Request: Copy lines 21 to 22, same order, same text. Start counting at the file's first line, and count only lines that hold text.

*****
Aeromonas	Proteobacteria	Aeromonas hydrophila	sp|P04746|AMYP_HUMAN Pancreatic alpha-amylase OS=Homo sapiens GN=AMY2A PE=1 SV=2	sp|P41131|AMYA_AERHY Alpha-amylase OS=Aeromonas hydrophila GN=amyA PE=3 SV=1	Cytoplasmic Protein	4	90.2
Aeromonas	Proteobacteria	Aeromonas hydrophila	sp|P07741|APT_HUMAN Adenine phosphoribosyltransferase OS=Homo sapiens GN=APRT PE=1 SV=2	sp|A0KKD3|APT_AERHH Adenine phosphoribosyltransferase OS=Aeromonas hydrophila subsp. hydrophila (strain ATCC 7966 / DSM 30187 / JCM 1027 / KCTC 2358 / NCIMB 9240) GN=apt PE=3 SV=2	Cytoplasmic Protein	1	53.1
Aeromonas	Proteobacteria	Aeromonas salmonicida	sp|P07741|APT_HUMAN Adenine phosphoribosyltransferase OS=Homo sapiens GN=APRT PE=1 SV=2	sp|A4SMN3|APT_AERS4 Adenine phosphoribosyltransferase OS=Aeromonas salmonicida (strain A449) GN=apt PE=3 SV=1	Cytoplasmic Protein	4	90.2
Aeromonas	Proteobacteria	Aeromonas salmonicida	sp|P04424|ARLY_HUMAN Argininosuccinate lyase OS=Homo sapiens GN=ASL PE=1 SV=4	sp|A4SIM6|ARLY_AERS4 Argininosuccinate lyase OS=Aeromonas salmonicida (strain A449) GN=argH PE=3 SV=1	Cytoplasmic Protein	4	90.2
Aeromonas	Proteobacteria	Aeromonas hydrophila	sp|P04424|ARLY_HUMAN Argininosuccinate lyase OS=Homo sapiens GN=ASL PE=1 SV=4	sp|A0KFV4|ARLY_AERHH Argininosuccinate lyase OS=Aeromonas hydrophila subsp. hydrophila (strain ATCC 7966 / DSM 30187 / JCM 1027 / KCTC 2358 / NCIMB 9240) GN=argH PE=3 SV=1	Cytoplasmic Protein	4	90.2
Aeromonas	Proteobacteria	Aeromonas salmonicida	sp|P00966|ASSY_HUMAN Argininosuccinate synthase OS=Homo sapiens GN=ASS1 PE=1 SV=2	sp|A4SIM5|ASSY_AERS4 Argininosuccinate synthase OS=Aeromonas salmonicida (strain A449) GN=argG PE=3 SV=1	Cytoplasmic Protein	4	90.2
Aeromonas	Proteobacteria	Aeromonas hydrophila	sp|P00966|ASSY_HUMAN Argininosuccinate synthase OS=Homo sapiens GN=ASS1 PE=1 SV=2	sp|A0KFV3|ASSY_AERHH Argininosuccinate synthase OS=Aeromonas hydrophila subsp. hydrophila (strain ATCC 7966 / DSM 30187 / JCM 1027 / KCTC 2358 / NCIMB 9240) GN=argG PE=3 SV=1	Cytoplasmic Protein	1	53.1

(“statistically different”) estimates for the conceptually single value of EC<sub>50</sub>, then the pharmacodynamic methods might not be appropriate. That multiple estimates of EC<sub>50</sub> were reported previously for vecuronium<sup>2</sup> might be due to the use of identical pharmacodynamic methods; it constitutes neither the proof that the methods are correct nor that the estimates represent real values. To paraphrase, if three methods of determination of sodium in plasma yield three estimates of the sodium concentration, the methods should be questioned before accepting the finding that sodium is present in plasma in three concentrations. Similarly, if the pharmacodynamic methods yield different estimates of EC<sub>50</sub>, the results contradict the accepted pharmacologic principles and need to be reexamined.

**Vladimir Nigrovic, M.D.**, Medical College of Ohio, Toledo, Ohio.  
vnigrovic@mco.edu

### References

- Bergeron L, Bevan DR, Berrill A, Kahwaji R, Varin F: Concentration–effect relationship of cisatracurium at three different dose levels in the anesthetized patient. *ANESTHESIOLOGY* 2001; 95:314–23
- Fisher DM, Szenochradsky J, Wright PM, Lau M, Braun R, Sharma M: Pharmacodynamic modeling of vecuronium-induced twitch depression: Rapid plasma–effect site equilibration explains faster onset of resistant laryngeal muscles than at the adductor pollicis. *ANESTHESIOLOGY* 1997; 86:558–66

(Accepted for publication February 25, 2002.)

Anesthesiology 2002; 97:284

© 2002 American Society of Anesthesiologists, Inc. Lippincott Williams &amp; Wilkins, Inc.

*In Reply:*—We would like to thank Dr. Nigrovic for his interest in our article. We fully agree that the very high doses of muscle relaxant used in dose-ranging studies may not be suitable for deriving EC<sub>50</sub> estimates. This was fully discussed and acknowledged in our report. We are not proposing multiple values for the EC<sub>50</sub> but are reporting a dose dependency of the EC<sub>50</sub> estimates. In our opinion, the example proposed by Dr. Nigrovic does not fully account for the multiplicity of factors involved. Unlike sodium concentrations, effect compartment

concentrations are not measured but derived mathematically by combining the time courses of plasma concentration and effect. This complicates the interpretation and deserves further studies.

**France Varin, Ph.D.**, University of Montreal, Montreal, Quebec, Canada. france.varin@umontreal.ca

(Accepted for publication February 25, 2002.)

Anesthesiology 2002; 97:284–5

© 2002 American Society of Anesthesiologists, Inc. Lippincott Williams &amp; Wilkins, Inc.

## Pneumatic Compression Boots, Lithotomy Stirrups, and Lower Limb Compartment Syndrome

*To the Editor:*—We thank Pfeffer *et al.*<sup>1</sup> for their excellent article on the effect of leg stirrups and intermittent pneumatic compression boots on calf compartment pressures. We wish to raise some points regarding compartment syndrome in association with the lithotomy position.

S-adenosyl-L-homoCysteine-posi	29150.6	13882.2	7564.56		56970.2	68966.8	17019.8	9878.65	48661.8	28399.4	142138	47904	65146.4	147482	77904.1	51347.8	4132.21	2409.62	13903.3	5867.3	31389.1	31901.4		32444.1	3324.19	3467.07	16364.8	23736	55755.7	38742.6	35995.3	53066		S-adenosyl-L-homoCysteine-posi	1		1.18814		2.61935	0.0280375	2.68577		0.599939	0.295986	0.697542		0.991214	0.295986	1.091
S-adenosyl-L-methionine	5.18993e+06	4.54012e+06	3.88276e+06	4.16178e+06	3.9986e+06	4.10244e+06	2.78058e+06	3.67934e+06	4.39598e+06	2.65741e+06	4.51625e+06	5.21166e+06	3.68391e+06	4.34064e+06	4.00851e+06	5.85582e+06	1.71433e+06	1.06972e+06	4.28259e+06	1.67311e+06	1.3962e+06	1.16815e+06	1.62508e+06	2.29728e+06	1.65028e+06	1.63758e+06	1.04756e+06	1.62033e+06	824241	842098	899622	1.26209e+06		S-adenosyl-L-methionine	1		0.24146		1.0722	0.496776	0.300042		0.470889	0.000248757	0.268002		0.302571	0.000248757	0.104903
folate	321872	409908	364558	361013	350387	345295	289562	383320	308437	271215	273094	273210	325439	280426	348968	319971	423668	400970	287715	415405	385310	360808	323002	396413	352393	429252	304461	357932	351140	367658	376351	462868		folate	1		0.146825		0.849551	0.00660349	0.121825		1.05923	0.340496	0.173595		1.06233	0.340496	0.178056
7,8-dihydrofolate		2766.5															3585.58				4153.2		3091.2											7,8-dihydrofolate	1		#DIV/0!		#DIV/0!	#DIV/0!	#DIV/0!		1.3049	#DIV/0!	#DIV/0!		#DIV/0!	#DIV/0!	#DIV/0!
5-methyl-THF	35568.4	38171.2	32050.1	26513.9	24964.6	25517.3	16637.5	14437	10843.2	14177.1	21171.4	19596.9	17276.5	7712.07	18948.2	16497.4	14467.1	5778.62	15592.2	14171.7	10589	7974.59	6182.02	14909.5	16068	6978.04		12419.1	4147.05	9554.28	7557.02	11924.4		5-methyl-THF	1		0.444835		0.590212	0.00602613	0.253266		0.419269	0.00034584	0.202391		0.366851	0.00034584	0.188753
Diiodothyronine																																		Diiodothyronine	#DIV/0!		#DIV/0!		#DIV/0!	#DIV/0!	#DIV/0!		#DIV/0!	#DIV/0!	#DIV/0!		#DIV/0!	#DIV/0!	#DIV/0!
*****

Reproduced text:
Anesthesiology 2002; 97:284–5

© 2002 American Society of Anesthesiologists, Inc. Lippincott Williams &amp; Wilkins, Inc.